FAO Regional Office for Europe and Central Asia

FAO and Central Asia work towards climate-friendly and resilient livestock development

A complex, FAO-led effort concluded by addressing the challenges posed by climate change to livestock keepers, as well as exploring opportunities of meat, milk, and wool production with lower emissions in the ecological and social structures of Kyrgyzstan, Tajikistan, and Uzbekistan.

The project, entitled “Identifying low carbon and climate resilient pathways for the ruminant sector in the selected countries of Central Asia,” was led by a multidisciplinary team of technical experts Yvette Zenina, FAO natural resources officer, and Yuriy Nesterov, FAO sustainable livestock specialist, in close cooperation with the Global Agenda for Sustainable Livestock.

The scientists developed a set of recommendations for formulating new policies and adopting climate-friendly practices in the ruminant sector. During the process, all three significant aspects of sustainable small ruminant production have been equally considered, such as the traditionally-recognized economic significance, special social value and, above all, environmental impact with a focus on climate.

Building on the success of the project, FAO is now working with partners to develop a subregional strategy for the reduction of greenhouse gas emissions in Central Asia.

The results of research, conducted jointly by the University of Central Asia, Tuscia University and FAO, will facilitate the development of a comprehensive vision for the small ruminant sector in the area.

“Research was an essential element of the project; together with the universities and other experts, we have been thoroughly researching data, policies, and on-the-ground practices and sought advice and experience from partners through online communication and three face-to-face meetings in each country,” said Yuriy Nesterov, FAO sustainable livestock specialist. “It culminated in the final conference held in Bishkek, Kyrgyzstan, and reports prepared jointly by both universities and FAO.”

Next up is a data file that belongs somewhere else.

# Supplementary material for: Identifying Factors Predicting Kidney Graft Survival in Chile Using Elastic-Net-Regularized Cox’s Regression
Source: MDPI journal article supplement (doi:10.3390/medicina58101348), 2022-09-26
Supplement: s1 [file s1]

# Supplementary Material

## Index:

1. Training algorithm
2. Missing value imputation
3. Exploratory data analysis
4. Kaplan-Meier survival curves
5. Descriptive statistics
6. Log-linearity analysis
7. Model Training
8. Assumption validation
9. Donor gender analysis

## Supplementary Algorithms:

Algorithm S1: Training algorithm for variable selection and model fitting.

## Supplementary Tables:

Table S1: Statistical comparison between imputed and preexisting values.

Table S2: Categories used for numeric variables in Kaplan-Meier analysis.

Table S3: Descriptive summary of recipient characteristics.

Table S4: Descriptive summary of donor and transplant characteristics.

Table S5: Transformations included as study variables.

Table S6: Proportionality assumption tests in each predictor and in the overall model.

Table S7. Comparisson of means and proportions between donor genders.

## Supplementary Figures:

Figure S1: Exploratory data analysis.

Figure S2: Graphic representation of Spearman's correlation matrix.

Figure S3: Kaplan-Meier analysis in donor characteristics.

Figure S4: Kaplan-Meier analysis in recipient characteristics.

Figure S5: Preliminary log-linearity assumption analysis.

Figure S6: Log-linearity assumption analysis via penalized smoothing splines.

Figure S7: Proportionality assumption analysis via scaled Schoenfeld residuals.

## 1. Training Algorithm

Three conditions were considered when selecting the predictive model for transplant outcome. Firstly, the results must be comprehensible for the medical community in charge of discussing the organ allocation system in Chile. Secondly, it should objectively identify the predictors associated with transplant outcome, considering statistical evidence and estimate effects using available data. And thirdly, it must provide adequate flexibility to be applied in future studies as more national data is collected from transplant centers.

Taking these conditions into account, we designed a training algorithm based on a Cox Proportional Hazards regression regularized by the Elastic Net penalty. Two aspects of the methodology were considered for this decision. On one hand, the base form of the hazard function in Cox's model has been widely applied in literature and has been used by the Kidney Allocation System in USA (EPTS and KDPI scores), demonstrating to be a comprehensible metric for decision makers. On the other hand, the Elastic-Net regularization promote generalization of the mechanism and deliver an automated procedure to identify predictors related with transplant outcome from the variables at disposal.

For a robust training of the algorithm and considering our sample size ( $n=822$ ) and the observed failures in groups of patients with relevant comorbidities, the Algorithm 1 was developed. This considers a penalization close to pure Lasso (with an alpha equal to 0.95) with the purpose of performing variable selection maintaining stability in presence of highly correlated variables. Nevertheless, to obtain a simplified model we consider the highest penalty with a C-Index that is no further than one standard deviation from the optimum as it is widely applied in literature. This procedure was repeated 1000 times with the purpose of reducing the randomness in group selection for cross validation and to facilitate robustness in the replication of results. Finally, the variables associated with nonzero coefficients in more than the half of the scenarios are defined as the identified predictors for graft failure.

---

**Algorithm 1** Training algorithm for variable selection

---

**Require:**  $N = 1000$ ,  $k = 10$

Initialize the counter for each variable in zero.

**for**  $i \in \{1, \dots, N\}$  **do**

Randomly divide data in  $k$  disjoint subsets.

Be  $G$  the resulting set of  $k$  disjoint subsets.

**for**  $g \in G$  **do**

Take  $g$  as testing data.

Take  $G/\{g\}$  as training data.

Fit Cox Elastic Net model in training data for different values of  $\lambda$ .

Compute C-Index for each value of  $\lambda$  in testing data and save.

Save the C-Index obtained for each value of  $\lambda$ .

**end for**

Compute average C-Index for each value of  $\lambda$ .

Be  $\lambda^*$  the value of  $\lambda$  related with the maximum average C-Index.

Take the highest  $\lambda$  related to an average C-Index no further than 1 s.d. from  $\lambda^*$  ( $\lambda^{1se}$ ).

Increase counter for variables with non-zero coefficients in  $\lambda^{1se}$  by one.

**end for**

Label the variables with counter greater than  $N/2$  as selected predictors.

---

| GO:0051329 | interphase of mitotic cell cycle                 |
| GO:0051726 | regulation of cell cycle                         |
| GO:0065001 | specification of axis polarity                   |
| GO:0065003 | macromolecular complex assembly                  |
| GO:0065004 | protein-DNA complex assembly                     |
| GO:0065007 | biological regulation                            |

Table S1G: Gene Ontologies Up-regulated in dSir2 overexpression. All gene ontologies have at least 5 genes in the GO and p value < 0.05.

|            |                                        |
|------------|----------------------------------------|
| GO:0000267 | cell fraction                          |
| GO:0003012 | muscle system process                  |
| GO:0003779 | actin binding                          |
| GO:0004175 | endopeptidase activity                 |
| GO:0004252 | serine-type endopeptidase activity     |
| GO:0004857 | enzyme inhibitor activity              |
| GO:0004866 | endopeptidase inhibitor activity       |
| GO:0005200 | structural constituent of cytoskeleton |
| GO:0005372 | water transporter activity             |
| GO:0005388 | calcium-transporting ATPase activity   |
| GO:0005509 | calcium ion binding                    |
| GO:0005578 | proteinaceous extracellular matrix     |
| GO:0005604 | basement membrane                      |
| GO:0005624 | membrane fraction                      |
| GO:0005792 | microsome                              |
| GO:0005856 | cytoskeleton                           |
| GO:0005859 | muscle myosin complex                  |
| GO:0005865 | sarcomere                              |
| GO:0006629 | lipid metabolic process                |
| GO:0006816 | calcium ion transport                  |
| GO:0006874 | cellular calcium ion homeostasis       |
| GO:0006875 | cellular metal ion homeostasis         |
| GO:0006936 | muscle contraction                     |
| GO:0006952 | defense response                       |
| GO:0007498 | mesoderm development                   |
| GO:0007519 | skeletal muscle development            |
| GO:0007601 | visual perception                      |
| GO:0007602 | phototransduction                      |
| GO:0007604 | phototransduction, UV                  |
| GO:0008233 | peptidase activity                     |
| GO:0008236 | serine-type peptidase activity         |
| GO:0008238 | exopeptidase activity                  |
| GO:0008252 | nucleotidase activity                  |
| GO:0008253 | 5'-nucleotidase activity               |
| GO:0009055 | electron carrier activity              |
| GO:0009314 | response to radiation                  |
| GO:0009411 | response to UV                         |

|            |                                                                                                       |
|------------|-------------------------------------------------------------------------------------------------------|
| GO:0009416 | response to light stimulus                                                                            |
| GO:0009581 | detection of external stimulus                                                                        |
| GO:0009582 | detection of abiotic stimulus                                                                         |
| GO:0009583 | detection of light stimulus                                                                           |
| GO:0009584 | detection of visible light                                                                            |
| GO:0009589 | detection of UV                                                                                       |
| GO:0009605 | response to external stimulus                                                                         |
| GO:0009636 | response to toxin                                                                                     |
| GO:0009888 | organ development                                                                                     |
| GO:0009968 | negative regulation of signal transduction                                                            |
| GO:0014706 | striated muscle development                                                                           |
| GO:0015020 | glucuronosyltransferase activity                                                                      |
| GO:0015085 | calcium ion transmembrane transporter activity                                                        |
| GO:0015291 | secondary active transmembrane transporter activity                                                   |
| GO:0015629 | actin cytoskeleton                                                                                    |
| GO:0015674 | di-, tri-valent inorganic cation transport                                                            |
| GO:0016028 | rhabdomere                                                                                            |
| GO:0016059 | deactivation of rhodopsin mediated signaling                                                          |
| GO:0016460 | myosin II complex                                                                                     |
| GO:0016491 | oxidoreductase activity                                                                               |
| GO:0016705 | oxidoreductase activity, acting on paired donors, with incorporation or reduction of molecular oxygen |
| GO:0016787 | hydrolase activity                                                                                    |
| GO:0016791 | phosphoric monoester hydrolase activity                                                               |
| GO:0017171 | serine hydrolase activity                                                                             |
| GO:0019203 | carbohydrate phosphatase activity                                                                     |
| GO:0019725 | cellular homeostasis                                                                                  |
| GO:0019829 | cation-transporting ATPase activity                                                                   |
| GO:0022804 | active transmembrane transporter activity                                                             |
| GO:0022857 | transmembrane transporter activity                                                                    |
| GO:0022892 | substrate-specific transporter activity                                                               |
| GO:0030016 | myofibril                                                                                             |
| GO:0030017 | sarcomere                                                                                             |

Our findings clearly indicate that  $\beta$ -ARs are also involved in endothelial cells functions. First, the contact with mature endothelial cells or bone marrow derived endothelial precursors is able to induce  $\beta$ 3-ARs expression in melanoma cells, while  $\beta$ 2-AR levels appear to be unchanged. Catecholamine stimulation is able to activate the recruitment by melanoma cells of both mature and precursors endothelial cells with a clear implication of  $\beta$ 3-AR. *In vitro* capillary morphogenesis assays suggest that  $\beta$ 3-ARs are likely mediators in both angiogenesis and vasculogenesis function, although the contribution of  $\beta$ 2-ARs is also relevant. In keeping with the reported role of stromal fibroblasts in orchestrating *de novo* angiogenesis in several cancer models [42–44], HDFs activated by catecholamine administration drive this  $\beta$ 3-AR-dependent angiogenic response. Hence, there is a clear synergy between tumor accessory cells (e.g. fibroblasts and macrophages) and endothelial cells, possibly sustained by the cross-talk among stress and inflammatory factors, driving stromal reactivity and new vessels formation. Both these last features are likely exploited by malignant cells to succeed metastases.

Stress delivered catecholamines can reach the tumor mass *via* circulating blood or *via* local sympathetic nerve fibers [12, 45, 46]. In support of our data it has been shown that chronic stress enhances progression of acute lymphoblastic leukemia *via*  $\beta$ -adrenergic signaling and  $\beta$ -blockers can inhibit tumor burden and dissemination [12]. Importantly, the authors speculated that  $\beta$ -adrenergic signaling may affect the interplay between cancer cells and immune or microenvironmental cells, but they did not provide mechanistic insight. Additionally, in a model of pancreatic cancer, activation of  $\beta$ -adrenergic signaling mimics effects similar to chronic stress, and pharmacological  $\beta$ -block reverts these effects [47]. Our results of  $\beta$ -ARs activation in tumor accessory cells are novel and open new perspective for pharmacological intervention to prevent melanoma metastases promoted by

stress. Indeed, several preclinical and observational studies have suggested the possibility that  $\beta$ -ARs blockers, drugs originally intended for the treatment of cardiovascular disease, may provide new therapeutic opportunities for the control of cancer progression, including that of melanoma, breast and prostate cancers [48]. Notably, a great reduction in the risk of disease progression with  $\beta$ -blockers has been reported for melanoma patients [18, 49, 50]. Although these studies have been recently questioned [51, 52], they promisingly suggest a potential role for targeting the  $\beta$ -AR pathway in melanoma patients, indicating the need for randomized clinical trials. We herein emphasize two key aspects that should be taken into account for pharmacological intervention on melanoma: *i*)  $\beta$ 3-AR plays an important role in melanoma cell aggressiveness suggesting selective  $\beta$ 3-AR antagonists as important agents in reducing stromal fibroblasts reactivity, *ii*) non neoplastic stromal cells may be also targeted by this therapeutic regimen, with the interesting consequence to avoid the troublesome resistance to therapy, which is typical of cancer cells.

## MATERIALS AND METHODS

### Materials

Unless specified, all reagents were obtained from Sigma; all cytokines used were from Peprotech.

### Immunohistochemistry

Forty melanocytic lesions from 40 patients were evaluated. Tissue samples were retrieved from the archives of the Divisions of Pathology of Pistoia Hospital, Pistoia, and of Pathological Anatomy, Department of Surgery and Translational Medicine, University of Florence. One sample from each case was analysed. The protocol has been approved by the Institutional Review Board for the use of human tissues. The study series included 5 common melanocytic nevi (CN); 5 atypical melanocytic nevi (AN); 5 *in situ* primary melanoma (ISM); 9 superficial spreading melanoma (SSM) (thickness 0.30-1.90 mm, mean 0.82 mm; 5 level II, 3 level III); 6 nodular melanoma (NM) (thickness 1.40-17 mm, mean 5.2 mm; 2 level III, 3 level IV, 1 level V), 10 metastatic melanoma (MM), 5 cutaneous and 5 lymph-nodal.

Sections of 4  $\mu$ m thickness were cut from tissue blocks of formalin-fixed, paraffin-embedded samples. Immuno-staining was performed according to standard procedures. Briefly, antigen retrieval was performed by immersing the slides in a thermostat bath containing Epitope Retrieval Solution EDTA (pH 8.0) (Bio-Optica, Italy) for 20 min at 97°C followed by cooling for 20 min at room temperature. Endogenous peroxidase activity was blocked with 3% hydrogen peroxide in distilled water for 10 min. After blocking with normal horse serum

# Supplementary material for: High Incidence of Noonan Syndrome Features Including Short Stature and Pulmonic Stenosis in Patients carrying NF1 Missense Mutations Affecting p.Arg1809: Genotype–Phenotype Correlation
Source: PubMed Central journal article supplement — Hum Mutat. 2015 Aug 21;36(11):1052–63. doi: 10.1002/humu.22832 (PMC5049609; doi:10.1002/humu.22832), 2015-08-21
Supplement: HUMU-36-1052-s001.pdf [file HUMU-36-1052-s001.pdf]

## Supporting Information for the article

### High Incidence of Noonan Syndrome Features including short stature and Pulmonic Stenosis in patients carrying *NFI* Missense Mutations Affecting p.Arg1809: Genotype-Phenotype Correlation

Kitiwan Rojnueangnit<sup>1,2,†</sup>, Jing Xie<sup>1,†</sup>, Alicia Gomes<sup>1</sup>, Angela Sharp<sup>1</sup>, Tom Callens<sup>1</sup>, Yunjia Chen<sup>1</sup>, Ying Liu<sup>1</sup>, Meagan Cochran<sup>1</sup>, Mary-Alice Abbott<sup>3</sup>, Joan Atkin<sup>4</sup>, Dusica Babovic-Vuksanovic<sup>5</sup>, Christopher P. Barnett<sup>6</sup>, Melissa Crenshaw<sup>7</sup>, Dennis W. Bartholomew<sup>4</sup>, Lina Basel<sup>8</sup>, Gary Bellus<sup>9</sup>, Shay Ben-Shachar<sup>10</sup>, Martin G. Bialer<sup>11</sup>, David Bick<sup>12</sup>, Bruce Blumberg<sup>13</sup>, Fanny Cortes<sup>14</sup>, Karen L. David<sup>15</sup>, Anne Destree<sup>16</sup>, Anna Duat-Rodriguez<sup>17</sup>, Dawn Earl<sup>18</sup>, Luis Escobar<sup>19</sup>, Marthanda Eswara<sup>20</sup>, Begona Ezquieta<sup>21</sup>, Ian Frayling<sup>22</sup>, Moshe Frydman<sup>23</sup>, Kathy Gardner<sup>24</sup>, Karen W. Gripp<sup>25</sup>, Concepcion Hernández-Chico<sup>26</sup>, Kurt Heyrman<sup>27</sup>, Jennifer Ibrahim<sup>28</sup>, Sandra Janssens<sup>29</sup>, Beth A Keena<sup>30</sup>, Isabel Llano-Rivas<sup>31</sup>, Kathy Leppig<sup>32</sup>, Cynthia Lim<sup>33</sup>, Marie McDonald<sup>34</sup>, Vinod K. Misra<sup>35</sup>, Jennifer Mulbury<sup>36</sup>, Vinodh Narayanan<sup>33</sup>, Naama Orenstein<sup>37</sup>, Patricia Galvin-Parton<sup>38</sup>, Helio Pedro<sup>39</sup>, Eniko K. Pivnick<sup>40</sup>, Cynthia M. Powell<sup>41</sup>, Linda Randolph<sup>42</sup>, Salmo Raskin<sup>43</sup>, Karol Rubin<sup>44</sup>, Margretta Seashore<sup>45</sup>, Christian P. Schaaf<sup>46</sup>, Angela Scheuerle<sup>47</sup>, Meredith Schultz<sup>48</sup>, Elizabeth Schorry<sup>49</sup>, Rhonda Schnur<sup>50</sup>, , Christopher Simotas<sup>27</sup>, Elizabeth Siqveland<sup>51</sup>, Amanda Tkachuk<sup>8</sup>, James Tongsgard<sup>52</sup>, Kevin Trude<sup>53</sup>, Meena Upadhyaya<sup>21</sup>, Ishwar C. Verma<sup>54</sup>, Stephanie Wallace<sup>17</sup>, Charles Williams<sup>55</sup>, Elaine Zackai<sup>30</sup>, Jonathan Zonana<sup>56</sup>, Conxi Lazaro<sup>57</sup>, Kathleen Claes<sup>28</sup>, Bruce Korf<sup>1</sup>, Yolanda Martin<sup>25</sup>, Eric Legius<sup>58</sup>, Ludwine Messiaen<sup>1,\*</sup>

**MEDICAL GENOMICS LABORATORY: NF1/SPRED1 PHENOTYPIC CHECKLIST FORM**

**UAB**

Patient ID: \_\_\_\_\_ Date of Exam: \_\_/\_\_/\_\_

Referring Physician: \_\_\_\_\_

Within the project, information on policies and practices about ruminant production systems, pasture management, and their relationship to climate change in the three target countries was collected and analyzed.

Subsequently, the data gathered allowed to assess global greenhouse emissions with the help of the FAO geographic information system framework that simulates the bio-physical processes and activities along the livestock supply chains under a life cycle assessment approach, called the Global Livestock Environmental Assessment Model (GLEAM), that also helped draft the recommendation for more climate-friendly policies.

The project was funded from FAO’s efficiency savings meant to support specific targeted activities at country level.

16 February 2021, Ankara, Turkey